On June 9, a federal judge announced that they would permit sailors to seek punitive damages in an ongoing multidistrict litigation asbestos-related product liability case. Injured sailors would be permitted to seek these damages directly from ship owners. However, their estates would not be permitted to seek punitive damages as part of wrongful death claims.
The litigation that has brought this decision forward was filed by various ship owners on behalf of merchant marines and their survivors, who allege exposure to ship-born asbestos.
Under the Jones Act, only actual damages may be recovered. However, the judge in this case found that the notion of “seaworthiness” has a contractual component since it arises from a “master’s duty” to provide servants with a seaworthy ship – a requirement supported by common law.
The federal legislation does not limit how sailors may remedy ‘unseaworthiness’ claims; because remedies are not listed, there may be no limitations on the range of potential remedies permitted under federal common law.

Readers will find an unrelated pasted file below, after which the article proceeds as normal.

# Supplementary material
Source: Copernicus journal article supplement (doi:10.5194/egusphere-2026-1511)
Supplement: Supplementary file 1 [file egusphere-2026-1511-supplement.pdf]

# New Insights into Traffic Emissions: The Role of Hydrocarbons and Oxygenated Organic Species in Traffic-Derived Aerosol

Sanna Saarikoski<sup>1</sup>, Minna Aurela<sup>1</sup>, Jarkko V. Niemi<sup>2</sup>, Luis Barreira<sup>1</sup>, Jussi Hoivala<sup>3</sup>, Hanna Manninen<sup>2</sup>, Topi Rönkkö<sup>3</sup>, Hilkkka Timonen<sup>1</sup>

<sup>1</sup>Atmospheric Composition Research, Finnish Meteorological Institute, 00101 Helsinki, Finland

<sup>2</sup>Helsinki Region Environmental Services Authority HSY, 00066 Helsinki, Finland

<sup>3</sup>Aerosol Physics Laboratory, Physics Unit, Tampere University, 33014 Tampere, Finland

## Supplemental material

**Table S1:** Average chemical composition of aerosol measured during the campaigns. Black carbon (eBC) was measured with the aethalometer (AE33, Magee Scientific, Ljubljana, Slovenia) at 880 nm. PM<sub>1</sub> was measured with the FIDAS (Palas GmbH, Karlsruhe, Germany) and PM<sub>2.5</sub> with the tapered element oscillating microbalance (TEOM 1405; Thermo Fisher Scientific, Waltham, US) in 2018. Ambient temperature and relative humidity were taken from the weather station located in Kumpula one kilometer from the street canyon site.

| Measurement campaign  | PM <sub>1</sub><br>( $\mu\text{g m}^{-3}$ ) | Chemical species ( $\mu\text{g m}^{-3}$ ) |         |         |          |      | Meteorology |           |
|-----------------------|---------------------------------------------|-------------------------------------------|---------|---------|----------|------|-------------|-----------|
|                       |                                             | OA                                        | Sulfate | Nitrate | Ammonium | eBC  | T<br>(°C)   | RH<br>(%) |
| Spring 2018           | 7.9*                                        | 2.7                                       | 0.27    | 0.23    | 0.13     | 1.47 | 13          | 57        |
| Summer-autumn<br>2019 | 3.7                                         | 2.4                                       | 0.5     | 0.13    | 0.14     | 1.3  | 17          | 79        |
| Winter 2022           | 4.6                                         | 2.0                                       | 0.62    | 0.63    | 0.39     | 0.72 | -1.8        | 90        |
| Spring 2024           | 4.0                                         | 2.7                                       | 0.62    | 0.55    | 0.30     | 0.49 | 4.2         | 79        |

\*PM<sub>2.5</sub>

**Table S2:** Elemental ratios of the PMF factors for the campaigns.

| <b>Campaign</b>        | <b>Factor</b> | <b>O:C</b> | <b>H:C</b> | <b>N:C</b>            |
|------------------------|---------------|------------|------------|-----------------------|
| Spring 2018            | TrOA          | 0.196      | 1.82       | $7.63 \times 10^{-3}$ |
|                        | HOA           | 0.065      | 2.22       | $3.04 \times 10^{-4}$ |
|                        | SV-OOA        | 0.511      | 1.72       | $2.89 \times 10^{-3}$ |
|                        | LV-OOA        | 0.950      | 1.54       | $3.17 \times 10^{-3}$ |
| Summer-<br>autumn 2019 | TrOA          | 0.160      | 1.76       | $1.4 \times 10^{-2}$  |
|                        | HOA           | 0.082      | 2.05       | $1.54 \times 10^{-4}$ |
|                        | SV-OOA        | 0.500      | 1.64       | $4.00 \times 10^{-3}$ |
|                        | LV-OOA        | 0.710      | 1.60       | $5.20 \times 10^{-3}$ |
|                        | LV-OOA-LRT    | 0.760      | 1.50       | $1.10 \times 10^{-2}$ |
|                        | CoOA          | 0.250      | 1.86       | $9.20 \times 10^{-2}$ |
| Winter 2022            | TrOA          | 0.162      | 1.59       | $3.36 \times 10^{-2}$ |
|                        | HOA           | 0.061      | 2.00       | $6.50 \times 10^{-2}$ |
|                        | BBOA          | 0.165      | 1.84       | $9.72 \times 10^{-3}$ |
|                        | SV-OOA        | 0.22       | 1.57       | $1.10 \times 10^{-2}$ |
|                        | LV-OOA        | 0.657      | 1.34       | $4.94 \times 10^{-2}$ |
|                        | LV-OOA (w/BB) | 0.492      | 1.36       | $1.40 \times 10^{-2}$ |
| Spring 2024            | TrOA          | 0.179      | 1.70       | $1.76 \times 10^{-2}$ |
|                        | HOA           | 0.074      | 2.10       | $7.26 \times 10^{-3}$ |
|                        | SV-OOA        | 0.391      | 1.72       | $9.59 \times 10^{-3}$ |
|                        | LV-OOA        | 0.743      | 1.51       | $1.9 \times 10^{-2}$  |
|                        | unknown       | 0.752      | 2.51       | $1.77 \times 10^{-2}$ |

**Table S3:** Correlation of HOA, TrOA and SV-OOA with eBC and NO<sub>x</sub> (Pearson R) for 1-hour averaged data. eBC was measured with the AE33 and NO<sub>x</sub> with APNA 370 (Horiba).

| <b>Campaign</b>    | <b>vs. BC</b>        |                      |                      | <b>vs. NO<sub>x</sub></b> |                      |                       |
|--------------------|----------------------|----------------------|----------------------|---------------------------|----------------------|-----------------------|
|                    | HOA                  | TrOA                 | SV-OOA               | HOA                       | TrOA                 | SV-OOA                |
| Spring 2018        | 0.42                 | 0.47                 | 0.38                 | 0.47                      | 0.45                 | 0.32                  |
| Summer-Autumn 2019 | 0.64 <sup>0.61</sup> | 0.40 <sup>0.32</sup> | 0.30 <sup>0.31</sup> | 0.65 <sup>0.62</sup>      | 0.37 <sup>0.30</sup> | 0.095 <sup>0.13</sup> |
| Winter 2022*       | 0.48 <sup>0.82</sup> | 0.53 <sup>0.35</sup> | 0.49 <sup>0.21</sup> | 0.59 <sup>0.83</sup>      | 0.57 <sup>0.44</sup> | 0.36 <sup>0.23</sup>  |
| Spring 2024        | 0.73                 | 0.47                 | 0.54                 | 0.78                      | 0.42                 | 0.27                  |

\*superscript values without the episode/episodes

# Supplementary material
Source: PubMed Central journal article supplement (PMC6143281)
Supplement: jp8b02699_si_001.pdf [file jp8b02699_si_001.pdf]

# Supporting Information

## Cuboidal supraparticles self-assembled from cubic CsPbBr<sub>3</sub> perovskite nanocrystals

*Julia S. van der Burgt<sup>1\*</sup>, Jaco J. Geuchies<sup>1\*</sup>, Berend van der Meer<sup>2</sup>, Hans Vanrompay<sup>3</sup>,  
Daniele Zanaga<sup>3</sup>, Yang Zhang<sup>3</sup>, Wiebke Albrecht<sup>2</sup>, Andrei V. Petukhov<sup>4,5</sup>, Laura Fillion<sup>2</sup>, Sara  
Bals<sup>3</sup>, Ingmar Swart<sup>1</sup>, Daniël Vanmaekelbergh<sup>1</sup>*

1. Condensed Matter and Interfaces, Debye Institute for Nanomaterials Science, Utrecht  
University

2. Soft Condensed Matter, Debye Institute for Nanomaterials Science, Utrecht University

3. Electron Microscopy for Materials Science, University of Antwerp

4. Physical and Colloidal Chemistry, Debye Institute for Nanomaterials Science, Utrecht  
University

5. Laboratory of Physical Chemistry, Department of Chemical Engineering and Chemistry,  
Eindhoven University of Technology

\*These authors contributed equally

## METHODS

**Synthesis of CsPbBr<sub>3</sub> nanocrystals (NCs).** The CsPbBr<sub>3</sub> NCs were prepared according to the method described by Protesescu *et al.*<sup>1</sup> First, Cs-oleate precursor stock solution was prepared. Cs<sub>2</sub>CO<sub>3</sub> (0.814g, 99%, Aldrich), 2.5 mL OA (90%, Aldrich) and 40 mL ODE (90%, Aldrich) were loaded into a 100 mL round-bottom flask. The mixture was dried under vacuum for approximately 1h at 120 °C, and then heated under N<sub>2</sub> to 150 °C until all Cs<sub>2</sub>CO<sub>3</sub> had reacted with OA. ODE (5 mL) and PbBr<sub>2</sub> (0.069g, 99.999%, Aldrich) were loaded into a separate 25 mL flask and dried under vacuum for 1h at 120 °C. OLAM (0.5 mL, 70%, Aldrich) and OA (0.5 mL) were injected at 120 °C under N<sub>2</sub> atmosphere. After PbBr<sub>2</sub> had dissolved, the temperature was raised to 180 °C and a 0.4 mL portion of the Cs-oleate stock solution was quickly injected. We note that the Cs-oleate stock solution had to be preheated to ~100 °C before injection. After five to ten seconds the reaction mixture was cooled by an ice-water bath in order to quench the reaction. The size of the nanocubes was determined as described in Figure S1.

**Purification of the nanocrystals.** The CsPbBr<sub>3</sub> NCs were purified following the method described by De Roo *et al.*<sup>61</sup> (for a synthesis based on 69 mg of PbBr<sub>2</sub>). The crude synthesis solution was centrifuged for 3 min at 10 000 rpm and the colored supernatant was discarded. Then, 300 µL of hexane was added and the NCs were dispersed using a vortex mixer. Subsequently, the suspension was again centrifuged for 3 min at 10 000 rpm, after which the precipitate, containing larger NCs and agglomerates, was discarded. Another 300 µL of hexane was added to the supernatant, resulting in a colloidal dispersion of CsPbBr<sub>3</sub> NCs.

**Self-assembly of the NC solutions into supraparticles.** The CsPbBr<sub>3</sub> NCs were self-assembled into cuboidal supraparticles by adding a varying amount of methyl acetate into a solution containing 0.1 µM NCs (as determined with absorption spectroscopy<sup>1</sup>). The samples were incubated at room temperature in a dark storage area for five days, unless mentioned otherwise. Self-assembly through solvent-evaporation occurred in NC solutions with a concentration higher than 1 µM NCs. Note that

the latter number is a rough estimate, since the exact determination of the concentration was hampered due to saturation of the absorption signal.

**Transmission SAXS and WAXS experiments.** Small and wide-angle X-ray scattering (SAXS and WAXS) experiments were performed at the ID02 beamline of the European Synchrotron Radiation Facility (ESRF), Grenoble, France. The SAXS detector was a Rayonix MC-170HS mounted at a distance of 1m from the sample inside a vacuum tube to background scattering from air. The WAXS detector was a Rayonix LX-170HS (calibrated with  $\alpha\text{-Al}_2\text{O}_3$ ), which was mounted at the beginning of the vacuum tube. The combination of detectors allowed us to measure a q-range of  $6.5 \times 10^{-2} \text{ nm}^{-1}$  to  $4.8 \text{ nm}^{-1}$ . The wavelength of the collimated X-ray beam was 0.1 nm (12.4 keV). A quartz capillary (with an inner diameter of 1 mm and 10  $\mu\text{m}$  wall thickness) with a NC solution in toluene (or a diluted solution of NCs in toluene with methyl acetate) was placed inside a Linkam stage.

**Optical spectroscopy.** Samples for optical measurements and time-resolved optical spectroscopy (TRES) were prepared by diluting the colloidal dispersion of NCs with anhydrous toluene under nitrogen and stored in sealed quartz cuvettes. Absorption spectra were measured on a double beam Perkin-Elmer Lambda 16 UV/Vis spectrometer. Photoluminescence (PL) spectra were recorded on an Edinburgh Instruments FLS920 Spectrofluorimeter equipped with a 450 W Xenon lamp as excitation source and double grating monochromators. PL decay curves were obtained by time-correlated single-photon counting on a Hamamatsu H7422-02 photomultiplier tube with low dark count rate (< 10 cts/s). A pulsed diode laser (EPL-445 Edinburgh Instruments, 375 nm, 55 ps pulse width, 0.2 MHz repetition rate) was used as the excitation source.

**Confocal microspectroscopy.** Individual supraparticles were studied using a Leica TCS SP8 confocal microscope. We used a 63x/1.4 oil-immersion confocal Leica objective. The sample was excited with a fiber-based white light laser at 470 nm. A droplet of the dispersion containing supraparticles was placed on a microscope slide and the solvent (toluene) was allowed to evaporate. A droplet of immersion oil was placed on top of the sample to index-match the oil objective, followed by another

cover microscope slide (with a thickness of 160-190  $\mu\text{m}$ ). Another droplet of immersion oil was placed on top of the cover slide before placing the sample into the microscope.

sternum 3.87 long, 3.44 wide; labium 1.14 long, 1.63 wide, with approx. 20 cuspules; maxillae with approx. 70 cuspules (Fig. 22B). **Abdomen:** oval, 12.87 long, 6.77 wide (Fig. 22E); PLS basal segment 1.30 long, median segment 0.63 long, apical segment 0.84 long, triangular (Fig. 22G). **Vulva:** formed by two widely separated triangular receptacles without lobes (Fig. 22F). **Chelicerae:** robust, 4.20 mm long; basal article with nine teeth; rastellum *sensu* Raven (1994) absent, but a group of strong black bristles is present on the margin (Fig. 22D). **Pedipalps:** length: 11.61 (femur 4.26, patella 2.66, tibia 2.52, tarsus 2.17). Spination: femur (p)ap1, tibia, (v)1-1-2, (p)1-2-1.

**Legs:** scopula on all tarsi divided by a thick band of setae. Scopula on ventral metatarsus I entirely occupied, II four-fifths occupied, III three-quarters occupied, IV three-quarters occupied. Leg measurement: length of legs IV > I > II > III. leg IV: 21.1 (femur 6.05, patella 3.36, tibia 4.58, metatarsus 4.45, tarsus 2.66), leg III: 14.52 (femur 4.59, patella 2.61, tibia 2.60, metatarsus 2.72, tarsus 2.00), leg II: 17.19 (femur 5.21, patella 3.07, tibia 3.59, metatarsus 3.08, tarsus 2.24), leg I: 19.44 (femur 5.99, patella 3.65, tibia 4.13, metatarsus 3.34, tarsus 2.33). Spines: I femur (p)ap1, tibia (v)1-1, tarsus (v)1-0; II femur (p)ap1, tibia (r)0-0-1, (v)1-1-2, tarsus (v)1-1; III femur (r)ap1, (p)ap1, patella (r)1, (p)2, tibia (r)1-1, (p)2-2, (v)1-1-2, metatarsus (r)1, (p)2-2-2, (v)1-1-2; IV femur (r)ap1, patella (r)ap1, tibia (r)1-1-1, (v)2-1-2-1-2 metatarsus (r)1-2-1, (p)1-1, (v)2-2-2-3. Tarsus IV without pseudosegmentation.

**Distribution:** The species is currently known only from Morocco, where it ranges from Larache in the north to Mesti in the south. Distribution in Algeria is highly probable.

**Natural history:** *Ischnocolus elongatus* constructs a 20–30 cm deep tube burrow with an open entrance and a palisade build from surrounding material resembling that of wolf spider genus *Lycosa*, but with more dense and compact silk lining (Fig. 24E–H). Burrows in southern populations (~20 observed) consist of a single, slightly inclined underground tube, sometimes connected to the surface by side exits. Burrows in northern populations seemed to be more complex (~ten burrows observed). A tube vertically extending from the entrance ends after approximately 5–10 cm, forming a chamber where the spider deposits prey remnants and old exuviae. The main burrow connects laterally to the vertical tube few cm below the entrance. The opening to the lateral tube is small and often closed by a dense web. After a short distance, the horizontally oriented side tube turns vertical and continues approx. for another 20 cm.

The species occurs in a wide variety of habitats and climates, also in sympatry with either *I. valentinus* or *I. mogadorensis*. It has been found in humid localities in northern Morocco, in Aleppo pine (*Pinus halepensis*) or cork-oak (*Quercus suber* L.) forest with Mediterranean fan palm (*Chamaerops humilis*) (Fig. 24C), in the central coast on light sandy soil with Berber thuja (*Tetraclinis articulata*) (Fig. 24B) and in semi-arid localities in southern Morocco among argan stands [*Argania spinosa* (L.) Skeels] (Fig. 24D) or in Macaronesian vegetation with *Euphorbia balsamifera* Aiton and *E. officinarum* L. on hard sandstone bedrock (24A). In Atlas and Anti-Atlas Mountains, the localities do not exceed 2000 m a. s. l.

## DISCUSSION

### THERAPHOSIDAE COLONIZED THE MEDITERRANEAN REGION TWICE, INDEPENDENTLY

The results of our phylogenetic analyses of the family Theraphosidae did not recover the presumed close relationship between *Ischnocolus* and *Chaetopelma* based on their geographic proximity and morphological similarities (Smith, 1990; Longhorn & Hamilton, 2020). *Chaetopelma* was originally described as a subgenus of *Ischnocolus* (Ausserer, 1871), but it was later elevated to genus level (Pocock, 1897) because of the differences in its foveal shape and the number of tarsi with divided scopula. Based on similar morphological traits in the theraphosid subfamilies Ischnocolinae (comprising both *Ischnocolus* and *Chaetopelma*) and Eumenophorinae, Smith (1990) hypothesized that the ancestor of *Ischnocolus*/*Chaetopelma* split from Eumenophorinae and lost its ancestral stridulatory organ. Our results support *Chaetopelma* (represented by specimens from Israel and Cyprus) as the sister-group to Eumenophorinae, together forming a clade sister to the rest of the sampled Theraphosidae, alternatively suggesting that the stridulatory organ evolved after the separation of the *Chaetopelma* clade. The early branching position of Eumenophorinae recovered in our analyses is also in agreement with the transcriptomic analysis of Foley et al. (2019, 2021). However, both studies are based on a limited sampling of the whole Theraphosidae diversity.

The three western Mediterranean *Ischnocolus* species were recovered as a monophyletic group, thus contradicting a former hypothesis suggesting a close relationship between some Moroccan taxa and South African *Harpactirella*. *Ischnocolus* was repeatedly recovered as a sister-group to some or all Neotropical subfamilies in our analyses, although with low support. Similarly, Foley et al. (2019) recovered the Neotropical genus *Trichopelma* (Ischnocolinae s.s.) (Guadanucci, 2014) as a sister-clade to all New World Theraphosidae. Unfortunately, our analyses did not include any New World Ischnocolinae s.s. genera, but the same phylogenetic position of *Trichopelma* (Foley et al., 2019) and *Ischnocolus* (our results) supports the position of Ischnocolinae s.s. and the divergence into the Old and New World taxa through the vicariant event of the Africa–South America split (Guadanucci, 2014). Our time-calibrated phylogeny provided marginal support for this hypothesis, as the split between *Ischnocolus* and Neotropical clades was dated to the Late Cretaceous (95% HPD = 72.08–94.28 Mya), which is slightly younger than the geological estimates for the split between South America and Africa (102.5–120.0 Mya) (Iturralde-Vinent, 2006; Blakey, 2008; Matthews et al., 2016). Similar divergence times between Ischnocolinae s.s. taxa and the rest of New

The judge did conclude that due to a Supreme Court precedent, sailors who died and whose estates were parties to the litigation could not pursue punitive damages.
This multi-district litigation is the longest running mass tort in U.S. history and thousands of cases remain in litigation.
At The Eichholz Law Firm, we know how confusing maritime law can be. If you or someone you know has been injured in a boating accident or during maritime salvage operations, our maritime lawyers can help you fight for your rights.
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